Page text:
Next to him, Mitchell was trying not to laugh.
But Charlie could see Clifton was ready to cry.
“Don’t worry,” Charlie said. “I’ll think of something to help.”
He tried not to breathe too hard. The whole room smelled like tomatoes.
Destiny was waiting.
Charlie took a bite out of the popper.
A small bite.
Yes, it was hard as a rock.
His tooth might even be broken.
“How does it taste?” Destiny asked.
“Good,” he told her.
Destiny smiled. She went to the front of the room.
She held out the tray of cupcakes to the line of kids.
Charlie’s mouth watered for a cupcake. But he couldn’t hurt Destiny’s feelings.
Mitchell leaned over. “Careful. You don’t want that popper to fall on your foot. You’ll break your toes.”
Charlie watched Mitchell eat.
He tried not to think about cupcakes. Instead, he thought about inventing.
He looked down at the popper. Maybe he could make it fly.
He’d call it the Amazing Popper-Upper.
There was a ruler in his backpack, and an apple left over from lunch.
He put the apple on the table.
He balanced the ruler on top of it.
“A seesaw,” Mitchell said.
Charlie put the popper on one end of the ruler.
“Take cover!” Mitchell yelled. “Cheese popper blasting through!”
Charlie slammed the other end of the ruler with his fist.
The popper flew.
It didn’t go very high.
And it came down fast.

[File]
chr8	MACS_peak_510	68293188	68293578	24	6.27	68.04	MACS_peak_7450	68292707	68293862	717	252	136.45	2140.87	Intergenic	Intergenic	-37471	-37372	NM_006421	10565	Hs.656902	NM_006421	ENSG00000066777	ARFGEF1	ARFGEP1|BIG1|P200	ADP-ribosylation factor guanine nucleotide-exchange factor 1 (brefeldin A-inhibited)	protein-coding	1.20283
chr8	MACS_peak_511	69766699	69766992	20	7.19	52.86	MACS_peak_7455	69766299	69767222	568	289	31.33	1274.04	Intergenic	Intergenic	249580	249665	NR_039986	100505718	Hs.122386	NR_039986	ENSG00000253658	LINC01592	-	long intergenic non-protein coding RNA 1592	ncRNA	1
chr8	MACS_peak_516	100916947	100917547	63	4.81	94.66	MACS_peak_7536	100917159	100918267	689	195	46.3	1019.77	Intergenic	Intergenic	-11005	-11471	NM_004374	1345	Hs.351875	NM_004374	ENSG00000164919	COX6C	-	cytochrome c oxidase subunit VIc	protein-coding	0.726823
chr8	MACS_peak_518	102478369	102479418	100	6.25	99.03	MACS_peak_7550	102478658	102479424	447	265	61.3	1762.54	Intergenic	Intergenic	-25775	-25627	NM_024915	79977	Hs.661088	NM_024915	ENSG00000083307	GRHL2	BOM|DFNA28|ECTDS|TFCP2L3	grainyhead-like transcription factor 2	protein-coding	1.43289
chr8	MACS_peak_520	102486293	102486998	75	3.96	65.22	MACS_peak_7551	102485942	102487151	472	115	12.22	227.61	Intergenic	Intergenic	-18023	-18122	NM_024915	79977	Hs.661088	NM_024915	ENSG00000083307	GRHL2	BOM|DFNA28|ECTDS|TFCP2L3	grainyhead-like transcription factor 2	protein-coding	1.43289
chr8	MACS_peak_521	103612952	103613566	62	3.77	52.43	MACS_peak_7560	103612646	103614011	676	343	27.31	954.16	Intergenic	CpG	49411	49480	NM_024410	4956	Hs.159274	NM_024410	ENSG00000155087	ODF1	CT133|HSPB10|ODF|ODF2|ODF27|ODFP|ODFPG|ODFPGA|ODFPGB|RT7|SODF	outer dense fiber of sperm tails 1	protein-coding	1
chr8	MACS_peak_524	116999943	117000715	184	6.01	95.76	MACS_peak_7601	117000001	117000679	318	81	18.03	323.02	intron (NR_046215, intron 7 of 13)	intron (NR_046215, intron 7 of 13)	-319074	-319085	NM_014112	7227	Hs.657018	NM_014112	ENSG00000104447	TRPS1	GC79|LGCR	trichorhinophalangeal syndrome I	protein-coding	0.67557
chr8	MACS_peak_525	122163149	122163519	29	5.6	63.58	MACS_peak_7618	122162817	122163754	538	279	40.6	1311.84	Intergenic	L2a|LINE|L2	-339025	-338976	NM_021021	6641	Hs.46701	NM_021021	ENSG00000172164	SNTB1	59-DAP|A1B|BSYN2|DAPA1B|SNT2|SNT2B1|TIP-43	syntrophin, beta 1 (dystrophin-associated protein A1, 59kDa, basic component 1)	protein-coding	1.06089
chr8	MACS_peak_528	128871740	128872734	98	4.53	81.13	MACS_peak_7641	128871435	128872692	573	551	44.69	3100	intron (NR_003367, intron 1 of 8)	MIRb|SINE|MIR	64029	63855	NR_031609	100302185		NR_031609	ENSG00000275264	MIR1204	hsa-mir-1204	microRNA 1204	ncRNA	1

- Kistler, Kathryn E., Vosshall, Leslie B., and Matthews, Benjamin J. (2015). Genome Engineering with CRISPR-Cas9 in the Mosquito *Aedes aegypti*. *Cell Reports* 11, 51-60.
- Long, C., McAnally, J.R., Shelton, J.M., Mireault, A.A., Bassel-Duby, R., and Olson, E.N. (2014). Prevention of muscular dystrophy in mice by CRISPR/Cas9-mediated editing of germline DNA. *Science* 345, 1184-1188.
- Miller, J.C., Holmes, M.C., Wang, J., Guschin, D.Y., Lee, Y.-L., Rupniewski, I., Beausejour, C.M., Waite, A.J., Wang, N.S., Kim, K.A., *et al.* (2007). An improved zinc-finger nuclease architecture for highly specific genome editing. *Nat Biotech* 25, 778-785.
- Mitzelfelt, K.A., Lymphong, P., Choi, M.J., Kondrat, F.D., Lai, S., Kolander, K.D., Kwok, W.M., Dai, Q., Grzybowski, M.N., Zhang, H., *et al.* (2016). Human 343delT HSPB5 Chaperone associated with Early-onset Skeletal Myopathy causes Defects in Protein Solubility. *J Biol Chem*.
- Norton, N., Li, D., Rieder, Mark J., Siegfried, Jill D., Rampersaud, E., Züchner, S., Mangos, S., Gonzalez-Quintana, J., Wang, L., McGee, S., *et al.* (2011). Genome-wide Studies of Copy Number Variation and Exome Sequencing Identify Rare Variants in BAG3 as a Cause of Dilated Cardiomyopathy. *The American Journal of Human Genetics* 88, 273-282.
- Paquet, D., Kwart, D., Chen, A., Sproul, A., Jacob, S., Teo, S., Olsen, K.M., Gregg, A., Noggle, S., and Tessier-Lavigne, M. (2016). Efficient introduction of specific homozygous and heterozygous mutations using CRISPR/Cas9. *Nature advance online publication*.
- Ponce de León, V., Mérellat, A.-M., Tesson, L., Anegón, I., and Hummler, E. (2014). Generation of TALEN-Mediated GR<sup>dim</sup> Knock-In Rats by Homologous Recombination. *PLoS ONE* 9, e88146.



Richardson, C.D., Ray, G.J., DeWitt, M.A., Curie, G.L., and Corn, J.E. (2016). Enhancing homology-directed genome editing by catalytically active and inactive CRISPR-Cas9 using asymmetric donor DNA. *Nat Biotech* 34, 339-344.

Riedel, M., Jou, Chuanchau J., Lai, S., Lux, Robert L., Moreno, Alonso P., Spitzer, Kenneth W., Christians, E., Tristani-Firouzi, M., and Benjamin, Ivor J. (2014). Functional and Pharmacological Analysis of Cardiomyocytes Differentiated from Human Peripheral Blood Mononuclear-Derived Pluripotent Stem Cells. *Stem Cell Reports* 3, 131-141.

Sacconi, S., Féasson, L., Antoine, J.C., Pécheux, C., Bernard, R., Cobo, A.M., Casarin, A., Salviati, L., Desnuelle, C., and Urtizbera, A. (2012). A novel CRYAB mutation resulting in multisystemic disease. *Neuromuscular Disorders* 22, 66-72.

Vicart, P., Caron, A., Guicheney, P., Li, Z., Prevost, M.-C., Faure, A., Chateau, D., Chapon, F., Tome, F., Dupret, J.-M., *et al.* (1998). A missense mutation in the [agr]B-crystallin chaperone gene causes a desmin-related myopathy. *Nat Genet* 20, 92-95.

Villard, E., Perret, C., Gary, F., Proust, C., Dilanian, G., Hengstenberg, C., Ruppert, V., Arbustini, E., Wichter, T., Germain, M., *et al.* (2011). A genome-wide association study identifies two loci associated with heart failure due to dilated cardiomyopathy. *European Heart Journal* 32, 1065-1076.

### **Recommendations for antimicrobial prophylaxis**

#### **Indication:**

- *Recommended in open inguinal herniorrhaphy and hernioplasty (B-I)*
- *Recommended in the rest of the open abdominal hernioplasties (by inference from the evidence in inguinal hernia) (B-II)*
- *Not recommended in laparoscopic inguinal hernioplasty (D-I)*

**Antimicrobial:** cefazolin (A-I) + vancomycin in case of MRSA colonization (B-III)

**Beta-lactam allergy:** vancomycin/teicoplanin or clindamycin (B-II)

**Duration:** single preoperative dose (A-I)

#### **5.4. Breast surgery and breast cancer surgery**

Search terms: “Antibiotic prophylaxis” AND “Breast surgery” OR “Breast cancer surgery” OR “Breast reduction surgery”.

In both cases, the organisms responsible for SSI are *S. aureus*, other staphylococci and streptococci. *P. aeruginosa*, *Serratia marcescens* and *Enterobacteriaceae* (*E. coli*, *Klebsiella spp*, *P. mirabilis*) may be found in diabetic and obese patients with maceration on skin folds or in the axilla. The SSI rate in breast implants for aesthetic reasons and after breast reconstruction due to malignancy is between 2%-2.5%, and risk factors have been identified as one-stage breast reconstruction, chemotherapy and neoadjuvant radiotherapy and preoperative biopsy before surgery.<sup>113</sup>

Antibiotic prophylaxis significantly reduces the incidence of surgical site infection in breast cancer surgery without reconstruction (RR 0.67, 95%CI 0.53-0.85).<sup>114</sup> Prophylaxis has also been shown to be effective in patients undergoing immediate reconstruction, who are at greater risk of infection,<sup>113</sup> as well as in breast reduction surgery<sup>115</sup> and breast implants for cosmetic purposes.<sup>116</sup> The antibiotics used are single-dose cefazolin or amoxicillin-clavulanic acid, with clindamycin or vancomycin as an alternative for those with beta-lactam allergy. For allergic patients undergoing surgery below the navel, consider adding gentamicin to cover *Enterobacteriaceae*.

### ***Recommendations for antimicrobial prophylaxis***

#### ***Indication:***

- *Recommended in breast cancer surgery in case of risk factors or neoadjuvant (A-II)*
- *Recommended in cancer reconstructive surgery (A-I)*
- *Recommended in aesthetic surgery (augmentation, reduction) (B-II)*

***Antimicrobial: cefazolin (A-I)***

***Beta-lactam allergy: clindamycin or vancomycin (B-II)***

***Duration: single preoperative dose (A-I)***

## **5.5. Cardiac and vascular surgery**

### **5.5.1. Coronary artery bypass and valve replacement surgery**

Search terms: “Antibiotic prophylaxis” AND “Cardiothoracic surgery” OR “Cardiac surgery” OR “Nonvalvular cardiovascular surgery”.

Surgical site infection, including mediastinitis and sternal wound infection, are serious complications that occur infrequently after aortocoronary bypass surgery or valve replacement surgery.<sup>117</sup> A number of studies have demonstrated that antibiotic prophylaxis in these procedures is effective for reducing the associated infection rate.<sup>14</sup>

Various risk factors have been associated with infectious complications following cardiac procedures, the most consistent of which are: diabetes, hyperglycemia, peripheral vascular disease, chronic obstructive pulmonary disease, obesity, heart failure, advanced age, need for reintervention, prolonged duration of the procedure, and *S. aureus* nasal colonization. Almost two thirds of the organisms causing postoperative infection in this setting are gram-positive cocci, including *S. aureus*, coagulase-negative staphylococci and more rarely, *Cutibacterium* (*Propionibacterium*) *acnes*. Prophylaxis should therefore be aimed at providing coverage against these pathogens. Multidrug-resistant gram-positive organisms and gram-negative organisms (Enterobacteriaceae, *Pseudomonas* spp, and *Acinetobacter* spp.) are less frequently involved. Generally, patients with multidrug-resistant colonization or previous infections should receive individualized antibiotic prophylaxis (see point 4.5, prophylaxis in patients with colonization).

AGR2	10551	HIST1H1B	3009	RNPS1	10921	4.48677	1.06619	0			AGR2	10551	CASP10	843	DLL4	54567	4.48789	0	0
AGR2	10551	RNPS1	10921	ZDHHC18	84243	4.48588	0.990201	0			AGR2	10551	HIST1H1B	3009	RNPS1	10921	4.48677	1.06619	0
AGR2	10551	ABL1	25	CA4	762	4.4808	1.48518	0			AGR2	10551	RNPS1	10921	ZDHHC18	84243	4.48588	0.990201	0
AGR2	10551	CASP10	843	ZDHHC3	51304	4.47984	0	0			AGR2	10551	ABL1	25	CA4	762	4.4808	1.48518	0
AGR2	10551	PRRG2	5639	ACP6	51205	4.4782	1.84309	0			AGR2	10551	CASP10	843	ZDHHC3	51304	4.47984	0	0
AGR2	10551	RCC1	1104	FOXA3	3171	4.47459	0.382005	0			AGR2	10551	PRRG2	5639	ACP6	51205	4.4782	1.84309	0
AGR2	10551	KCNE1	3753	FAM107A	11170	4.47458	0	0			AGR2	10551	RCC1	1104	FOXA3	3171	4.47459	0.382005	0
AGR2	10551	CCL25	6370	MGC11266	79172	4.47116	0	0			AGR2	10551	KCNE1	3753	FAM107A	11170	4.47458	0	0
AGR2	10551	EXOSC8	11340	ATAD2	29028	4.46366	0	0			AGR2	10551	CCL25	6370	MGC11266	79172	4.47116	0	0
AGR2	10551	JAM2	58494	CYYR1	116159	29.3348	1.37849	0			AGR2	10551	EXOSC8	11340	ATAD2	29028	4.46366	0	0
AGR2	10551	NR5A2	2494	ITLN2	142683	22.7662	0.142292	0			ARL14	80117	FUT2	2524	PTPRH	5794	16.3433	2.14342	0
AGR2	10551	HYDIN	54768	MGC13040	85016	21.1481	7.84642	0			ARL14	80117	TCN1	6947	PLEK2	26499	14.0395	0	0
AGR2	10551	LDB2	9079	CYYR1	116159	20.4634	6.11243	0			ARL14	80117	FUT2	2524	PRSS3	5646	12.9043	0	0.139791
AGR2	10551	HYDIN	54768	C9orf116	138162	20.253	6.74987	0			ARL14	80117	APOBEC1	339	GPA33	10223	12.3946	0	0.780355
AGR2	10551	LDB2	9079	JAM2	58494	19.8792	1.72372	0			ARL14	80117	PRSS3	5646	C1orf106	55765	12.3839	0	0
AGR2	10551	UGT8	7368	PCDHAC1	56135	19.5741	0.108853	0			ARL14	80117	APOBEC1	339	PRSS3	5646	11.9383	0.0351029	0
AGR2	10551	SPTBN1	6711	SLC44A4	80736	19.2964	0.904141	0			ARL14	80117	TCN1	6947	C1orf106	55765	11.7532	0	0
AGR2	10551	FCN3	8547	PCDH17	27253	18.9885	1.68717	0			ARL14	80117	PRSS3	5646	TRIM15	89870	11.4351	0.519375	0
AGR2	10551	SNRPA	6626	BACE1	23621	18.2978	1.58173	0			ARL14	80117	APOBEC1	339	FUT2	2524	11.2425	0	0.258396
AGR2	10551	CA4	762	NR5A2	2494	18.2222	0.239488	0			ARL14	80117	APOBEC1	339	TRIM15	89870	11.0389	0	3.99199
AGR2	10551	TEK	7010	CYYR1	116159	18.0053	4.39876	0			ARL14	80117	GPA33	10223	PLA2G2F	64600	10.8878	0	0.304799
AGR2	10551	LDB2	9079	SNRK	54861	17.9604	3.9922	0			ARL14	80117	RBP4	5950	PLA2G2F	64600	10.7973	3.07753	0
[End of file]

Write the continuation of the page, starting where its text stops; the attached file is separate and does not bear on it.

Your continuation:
Right into the pot of tomatoes.
Tomato mush flew all over the place. . . .
Onto the lunch lady’s hat, which looked like a shower cap.
Onto the carrot cupcakes.
For a moment, no one made a sound.
Mitchell’s mouth was wide open.
“That Charlie,” Clifton said. “He lost my bug family. And now he’s ruining the snacks.”
The lunch lady beckoned to Charlie. “I think we should have a talk.”
Charlie followed her into the kitchen.
He walked as slowly as he could.
Too bad he wasn’t still home sick.
Charlie started down the stairs.
He was on his way to the lunchroom.
He was in a zinger of trouble.
Friday, the lunch lady had put her hands on her hips.
Red polka-dots had covered her shirt.
“No more inventing for you, Charlie,” she’d said.
“Forever?” he’d asked.
She’d looked up at the ceiling. “For at least a week.”
“You might help out here,” the lunch lady said. “I have no time to keep this place clean and invent new snacks.”
“I guess so,” Charlie had said.
“Start Monday,” she’d said. “There’s plenty to do.”
Now it was Monday.
He hoped the lunch lady didn’t want him to cook.
“Hey, Chip,” said a voice behind him.
“I’ve been looking for you,” Mr. Redfern said.
The Inventing Fair and the Great Happening would be over before he even began.
“Come down to the new lab,” Mr. Redfern said. “You can see what’s going on.”
Charlie looked toward the lunchroom.
He shook his head.
“You can have snack anytime,” Mr. Redfern said.
“I guess so,” Charlie said.
They walked down the hall together.
Mr. Redfern threw open the door to the lab.
“Whew!” Charlie said.
Chairs were upside down.